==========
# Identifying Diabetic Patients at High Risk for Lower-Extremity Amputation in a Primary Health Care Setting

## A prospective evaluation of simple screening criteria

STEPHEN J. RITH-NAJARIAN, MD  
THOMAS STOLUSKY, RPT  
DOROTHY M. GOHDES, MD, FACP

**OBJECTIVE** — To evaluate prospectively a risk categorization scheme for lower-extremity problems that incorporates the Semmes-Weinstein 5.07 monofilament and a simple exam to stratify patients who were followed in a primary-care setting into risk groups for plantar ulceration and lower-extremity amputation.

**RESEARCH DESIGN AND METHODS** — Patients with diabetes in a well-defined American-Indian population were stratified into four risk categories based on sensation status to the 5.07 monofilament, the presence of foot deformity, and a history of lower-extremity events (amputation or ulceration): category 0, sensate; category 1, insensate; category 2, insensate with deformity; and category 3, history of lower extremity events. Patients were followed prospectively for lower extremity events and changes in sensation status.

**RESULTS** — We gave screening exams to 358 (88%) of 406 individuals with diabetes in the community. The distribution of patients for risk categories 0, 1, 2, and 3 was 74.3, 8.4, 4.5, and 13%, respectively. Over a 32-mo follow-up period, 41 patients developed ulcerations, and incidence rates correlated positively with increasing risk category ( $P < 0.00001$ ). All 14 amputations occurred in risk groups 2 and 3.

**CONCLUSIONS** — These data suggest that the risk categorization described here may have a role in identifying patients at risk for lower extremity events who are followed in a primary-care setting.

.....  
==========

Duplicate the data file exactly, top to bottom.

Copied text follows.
# Identifying Diabetic Patients at High Risk for Lower-Extremity Amputation in a Primary Health Care Setting

## A prospective evaluation of simple screening criteria

STEPHEN J. RITH-NAJARIAN, MD  
THOMAS STOLUSKY, RPT  
DOROTHY M. GOHDES, MD, FACP

**OBJECTIVE** — To evaluate prospectively a risk categorization scheme for lower-extremity problems that incorporates the Semmes-Weinstein 5.07 monofilament and a simple exam to stratify patients who were followed in a primary-care setting into risk groups for plantar ulceration and lower-extremity amputation.

**RESEARCH DESIGN AND METHODS** — Patients with diabetes in a well-defined American-Indian population were stratified into four risk categories based on sensation status to the 5.07 monofilament, the presence of foot deformity, and a history of lower-extremity events (amputation or ulceration): category 0, sensate; category 1, insensate; category 2, insensate with deformity; and category 3, history of lower extremity events. Patients were followed prospectively for lower extremity events and changes in sensation status.

**RESULTS** — We gave screening exams to 358 (88%) of 406 individuals with diabetes in the community. The distribution of patients for risk categories 0, 1, 2, and 3 was 74.3, 8.4, 4.5, and 13%, respectively. Over a 32-mo follow-up period, 41 patients developed ulcerations, and incidence rates correlated positively with increasing risk category ( $P < 0.00001$ ). All 14 amputations occurred in risk groups 2 and 3.

**CONCLUSIONS** — These data suggest that the risk categorization described here may have a role in identifying patients at risk for lower extremity events who are followed in a primary-care setting.

.....  